Roundworm in cats: Common questions and answers
What are roundworms?
Roundworms are one of the most common types of worm found in domestic cats; they live in an infected cat’s small intestine. Because roundworms are easily spread and can be contracted in several ways, it’s likely that your cat will become infected with this intestinal parasite at some time in their life.
What do roundworms look like?
Roundworms are white, cylindrical and resemble pieces of spaghetti. The thousands of eggs that they produce are passed in the cat’s faeces, but are tiny and can only be seen under a microscope.
How do cats get roundworms?
Cats can get roundworms in three different ways:
- Roundworm eggs are passed in the faeces of infected cats and can lie dormant in litter trays, sandpits and soil for years. These eggs can then infect other cats if ingested.
- Roundworm eggs can be picked up when cats catch and eat infected rodents and birds.
- Kittens can become infected with roundworm from their mother via her milk, which is why young kittens often have worms even when they’ve never been outside.
Are some cats more likely to get roundworm than others?
Roundworms can affect any breed of cat, at any age, though they are most common in kittens. Kittens are often infected with roundworms when they suckle their mother’s milk, and adult cats can become infected in a variety of ways, including by accidentally ingesting roundworm eggs from the environment (e.g. when grooming themselves after walking or lying on contaminated soil/ sand/ litter) and via hunting behaviour if they ingest infected rodents or birds.
What are the symptoms of roundworm infection?
An adult cat with roundworms will often show no ill effects, although vomiting and diarrhoea can occur on occasion, and you may also see roundworms in your cat’s faeces. Kittens are more at risk and may show a variety of symptoms including vomiting, diarrhoea, slow growth and dull fur.
How can I treat and prevent roundworms in cats?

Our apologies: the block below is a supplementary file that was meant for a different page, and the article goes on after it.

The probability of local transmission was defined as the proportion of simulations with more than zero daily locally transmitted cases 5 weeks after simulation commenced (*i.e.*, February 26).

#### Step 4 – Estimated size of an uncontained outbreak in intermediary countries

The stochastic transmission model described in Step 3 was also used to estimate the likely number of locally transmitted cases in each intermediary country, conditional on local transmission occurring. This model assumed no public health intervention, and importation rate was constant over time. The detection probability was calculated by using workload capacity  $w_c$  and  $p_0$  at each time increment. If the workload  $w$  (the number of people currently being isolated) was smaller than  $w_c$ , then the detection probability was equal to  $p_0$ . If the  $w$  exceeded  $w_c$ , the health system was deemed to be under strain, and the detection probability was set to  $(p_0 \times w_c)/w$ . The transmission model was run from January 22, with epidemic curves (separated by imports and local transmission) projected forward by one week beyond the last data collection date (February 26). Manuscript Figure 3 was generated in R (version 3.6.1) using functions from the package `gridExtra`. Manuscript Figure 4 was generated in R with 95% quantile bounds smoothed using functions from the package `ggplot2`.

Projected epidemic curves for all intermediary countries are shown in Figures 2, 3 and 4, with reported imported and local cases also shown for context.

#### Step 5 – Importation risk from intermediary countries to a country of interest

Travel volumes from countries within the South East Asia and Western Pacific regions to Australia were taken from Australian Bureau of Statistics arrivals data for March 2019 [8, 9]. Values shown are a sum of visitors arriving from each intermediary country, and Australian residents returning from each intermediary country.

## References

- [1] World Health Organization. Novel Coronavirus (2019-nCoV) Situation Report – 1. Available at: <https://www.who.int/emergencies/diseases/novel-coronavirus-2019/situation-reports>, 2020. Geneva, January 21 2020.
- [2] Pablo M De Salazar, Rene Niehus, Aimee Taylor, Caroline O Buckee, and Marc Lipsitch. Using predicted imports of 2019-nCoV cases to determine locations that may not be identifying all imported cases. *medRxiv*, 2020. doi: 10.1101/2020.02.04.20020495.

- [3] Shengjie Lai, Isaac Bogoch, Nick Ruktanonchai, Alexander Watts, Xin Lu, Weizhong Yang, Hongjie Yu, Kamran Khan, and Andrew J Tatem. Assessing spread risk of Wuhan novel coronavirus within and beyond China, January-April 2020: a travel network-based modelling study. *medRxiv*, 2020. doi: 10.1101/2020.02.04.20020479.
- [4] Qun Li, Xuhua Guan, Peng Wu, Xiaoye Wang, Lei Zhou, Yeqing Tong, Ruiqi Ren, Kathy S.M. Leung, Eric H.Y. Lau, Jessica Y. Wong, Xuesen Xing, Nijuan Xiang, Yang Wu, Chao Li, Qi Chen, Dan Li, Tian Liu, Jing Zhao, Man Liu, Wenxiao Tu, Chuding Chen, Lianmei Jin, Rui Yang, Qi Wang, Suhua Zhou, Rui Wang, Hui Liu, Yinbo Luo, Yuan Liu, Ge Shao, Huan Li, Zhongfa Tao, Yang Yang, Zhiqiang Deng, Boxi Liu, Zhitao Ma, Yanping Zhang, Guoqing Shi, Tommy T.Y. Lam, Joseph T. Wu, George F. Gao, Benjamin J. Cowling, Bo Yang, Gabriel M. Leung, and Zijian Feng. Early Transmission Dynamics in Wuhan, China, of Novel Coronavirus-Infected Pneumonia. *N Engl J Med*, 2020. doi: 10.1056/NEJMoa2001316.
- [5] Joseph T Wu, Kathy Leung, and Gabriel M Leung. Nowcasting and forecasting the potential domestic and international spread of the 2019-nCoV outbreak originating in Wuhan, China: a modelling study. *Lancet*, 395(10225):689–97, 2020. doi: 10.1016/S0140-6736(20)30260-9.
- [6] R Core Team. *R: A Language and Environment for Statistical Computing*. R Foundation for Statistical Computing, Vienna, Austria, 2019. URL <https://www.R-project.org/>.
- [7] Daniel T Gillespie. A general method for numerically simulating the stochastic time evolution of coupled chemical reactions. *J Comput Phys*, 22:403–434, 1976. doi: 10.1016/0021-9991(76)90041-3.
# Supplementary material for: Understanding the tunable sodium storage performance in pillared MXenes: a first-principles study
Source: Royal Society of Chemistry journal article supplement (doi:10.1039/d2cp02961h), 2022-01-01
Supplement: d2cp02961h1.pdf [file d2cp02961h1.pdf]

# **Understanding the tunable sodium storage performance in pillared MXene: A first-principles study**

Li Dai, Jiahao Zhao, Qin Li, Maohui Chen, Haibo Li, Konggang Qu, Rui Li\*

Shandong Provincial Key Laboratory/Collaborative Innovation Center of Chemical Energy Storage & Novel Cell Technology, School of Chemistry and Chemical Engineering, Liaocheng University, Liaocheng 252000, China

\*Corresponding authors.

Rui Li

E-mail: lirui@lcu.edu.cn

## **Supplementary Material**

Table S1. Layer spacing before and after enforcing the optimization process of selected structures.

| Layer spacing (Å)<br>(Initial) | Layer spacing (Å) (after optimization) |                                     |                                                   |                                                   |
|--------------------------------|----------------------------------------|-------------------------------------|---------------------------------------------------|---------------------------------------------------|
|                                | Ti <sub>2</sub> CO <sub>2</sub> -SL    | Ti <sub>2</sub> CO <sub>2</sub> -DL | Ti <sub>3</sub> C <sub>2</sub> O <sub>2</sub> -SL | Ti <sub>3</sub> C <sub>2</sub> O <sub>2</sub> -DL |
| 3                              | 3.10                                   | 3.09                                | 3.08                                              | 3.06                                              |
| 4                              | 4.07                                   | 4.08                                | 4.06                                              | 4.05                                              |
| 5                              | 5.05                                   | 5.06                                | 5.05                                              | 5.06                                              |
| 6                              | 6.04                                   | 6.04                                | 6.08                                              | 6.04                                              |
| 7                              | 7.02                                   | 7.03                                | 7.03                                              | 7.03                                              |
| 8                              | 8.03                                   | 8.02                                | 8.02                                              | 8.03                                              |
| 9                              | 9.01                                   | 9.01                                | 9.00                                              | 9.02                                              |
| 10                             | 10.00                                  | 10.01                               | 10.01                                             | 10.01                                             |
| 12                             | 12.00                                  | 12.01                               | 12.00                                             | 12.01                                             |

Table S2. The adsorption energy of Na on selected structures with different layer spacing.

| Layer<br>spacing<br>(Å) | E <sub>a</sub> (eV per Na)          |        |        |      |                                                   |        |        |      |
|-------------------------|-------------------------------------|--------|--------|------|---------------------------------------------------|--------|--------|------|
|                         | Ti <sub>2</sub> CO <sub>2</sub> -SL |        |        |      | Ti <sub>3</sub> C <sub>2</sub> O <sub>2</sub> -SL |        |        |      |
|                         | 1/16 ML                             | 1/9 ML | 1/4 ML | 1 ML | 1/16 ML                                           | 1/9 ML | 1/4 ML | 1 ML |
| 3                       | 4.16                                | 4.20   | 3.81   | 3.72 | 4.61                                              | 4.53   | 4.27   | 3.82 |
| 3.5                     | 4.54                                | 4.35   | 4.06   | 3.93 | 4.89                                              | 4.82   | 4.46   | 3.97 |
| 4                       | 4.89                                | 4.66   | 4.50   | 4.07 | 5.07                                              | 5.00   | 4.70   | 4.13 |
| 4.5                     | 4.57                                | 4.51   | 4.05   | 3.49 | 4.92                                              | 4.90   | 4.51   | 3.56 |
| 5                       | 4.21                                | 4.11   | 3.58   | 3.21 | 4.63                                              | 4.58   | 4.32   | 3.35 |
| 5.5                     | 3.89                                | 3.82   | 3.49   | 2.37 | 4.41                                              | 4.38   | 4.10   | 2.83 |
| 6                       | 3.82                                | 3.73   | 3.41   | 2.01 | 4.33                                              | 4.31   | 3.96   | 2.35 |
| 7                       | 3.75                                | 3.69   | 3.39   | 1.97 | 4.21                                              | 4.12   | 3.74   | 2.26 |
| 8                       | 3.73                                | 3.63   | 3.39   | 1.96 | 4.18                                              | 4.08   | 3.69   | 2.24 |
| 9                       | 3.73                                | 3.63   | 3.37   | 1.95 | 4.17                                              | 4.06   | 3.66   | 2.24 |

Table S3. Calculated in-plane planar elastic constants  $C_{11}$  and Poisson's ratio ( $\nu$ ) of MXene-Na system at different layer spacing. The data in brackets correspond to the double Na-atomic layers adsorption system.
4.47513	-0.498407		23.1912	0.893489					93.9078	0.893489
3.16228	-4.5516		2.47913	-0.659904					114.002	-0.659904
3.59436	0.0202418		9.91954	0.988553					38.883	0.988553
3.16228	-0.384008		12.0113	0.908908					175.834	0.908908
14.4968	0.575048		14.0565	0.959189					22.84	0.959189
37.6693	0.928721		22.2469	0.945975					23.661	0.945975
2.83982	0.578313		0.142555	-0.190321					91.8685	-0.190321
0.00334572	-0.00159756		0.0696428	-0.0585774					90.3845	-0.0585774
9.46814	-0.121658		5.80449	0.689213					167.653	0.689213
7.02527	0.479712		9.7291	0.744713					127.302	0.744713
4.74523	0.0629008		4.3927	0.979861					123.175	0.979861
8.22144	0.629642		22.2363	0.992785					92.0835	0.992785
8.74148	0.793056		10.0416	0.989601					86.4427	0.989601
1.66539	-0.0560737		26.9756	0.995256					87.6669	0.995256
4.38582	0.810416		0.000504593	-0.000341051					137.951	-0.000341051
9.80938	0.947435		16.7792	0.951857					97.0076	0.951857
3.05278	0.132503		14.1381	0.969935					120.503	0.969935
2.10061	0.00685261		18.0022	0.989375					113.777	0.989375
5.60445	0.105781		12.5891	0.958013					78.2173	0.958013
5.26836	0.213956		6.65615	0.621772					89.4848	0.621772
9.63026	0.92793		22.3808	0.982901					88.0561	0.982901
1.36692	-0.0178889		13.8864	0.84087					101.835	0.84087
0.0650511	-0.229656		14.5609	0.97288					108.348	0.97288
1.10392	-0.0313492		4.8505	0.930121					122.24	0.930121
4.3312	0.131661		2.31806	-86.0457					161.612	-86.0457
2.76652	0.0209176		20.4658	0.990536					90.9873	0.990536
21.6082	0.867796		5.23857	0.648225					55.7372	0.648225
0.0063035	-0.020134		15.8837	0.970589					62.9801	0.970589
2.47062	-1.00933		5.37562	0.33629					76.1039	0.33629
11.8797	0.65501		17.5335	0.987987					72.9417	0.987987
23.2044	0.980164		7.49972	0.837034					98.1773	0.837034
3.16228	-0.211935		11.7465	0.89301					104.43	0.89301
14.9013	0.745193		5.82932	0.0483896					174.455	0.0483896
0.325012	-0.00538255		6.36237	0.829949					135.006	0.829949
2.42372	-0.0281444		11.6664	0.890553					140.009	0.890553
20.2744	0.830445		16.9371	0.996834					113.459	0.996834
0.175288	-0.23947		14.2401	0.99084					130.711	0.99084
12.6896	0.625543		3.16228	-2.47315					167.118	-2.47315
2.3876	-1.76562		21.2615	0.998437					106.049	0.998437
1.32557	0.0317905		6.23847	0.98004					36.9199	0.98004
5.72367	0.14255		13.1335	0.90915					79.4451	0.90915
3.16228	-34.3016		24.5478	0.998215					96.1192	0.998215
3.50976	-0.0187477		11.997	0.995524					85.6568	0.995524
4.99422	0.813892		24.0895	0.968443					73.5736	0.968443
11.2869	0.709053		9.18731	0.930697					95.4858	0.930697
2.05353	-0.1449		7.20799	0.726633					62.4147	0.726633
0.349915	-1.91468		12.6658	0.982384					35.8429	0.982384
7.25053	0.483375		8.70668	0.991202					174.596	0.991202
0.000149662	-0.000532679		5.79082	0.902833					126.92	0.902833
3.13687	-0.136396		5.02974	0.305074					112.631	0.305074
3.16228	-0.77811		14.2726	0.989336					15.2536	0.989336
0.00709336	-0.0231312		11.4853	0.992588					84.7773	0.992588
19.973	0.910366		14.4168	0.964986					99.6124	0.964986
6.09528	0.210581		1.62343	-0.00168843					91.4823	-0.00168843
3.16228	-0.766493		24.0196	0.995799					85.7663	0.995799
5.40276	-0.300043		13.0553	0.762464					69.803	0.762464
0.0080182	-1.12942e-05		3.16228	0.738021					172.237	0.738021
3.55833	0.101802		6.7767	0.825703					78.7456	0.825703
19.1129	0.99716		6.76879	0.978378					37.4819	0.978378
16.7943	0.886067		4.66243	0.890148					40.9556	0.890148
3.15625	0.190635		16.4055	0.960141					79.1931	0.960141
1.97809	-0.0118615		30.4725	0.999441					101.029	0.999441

If your cat has roundworms, a variety of roundworm treatments are available, including a Drontal® ellipsoid wormer for cats, which can be given to kittens from six weeks of age.
Of course, giving a tablet to your cat is often easier said than done, and you may find it more convenient to treat your cat for worms with a spot-on formula such as Profender® Allwormer for cats. This easy-to-apply treatment helps protect cats against intestinal worms in a single drop. Profender kills every type of intestinal worm commonly found in cats and can be used in kittens from eight weeks of age. It´s recommended adult cats be wormed at least four times a year.
Another easy to use spot on treatment is Advocate® for cats. Advocate is applied monthly to protect cats against roundworms, hookworms, heartworm, lungworm, fleas and ear mites
Can I get sick if my cat has roundworms?
Cat roundworms can cause a disease in people called toxocariasis. Although rare, people can accidentally ingest roundworm eggs – for example, if they touch contaminated soil or faeces and do not wash their hands thoroughly afterwards. If this happens, the larvae of the parasite can migrate into our tissues, potentially causing serious disease. In some cases the roundworm larvae end up in the eyes, causing a condition called ocular larva migrans, which can lead to blindness.
What other measures can I take to reduce the risk of roundworm?
Practising good hygiene can help reduce the risks to both pets and people:
- Pick up your cat’s faeces from the backyard, and regularly clean your cat’s litter box.
- Wash your hands after cleaning up after your cat.
- Wash your cat’s bedding regularly, along with any blankets or cushions your cat uses for sleeping or grooming.